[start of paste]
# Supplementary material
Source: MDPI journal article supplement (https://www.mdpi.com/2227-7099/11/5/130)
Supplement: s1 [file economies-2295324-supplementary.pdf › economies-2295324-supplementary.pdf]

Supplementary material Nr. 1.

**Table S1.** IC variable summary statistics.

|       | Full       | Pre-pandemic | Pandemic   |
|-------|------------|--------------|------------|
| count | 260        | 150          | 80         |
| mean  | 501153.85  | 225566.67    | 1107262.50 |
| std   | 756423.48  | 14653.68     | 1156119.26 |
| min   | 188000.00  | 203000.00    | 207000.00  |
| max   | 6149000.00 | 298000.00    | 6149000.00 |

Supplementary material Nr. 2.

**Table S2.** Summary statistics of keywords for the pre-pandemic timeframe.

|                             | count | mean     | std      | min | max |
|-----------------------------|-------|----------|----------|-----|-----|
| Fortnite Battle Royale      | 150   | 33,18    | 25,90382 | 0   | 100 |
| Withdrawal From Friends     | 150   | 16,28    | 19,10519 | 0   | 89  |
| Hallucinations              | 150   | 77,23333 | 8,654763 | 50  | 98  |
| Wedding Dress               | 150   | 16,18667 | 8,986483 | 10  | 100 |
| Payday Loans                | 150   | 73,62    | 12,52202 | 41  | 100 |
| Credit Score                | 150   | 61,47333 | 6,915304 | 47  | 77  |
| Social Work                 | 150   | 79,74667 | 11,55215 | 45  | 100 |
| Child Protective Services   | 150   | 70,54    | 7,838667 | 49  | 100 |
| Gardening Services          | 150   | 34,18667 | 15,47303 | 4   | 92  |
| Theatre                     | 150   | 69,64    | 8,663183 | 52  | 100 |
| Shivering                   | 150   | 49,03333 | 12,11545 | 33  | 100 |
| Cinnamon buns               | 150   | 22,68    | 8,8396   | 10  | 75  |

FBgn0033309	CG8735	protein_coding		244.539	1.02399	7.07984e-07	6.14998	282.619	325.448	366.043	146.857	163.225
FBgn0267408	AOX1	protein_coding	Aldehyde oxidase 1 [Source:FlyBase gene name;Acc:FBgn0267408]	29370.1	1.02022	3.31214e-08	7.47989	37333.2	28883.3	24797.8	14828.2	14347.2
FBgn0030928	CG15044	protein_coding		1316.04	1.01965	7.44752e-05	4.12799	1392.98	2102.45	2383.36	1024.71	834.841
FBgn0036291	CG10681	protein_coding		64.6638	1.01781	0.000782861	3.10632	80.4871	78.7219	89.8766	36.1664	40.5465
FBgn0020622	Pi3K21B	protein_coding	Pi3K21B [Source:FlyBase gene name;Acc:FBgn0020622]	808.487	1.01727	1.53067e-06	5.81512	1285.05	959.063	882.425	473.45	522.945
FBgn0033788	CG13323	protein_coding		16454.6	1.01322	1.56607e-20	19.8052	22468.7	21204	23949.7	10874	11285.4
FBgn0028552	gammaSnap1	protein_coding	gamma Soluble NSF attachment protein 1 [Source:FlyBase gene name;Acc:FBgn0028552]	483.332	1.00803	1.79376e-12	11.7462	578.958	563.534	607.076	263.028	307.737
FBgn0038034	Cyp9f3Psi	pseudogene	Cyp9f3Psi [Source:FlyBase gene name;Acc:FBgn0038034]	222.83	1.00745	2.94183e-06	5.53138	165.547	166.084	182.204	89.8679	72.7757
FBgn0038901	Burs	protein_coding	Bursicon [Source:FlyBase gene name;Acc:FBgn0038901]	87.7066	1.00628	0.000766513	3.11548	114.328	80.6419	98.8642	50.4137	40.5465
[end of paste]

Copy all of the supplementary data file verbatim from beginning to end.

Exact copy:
# Supplementary material
Source: MDPI journal article supplement (https://www.mdpi.com/2227-7099/11/5/130)
Supplement: s1 [file economies-2295324-supplementary.pdf › economies-2295324-supplementary.pdf]

Supplementary material Nr. 1.

**Table S1.** IC variable summary statistics.

|       | Full       | Pre-pandemic | Pandemic   |
|-------|------------|--------------|------------|
| count | 260        | 150          | 80         |
| mean  | 501153.85  | 225566.67    | 1107262.50 |
| std   | 756423.48  | 14653.68     | 1156119.26 |
| min   | 188000.00  | 203000.00    | 207000.00  |
| max   | 6149000.00 | 298000.00    | 6149000.00 |

Supplementary material Nr. 2.

**Table S2.** Summary statistics of keywords for the pre-pandemic timeframe.

|                             | count | mean     | std      | min | max |
|-----------------------------|-------|----------|----------|-----|-----|
| Fortnite Battle Royale      | 150   | 33,18    | 25,90382 | 0   | 100 |
| Withdrawal From Friends     | 150   | 16,28    | 19,10519 | 0   | 89  |
| Hallucinations              | 150   | 77,23333 | 8,654763 | 50  | 98  |
| Wedding Dress               | 150   | 16,18667 | 8,986483 | 10  | 100 |
| Payday Loans                | 150   | 73,62    | 12,52202 | 41  | 100 |
| Credit Score                | 150   | 61,47333 | 6,915304 | 47  | 77  |
| Social Work                 | 150   | 79,74667 | 11,55215 | 45  | 100 |
| Child Protective Services   | 150   | 70,54    | 7,838667 | 49  | 100 |
| Gardening Services          | 150   | 34,18667 | 15,47303 | 4   | 92  |
| Theatre                     | 150   | 69,64    | 8,663183 | 52  | 100 |
| Shivering                   | 150   | 49,03333 | 12,11545 | 33  | 100 |
| Cinnamon buns               | 150   | 22,68    | 8,8396   | 10  | 75  |

FBgn0033309	CG8735	protein_coding		244.539	1.02399	7.07984e-07	6.14998	282.619	325.448	366.043	146.857	163.225
FBgn0267408	AOX1	protein_coding	Aldehyde oxidase 1 [Source:FlyBase gene name;Acc:FBgn0267408]	29370.1	1.02022	3.31214e-08	7.47989	37333.2	28883.3	24797.8	14828.2	14347.2
FBgn0030928	CG15044	protein_coding		1316.04	1.01965	7.44752e-05	4.12799	1392.98	2102.45	2383.36	1024.71	834.841
FBgn0036291	CG10681	protein_coding		64.6638	1.01781	0.000782861	3.10632	80.4871	78.7219	89.8766	36.1664	40.5465
FBgn0020622	Pi3K21B	protein_coding	Pi3K21B [Source:FlyBase gene name;Acc:FBgn0020622]	808.487	1.01727	1.53067e-06	5.81512	1285.05	959.063	882.425	473.45	522.945
FBgn0033788	CG13323	protein_coding		16454.6	1.01322	1.56607e-20	19.8052	22468.7	21204	23949.7	10874	11285.4
FBgn0028552	gammaSnap1	protein_coding	gamma Soluble NSF attachment protein 1 [Source:FlyBase gene name;Acc:FBgn0028552]	483.332	1.00803	1.79376e-12	11.7462	578.958	563.534	607.076	263.028	307.737
FBgn0038034	Cyp9f3Psi	pseudogene	Cyp9f3Psi [Source:FlyBase gene name;Acc:FBgn0038034]	222.83	1.00745	2.94183e-06	5.53138	165.547	166.084	182.204	89.8679	72.7757
FBgn0038901	Burs	protein_coding	Bursicon [Source:FlyBase gene name;Acc:FBgn0038901]	87.7066	1.00628	0.000766513	3.11548	114.328	80.6419	98.8642	50.4137	40.5465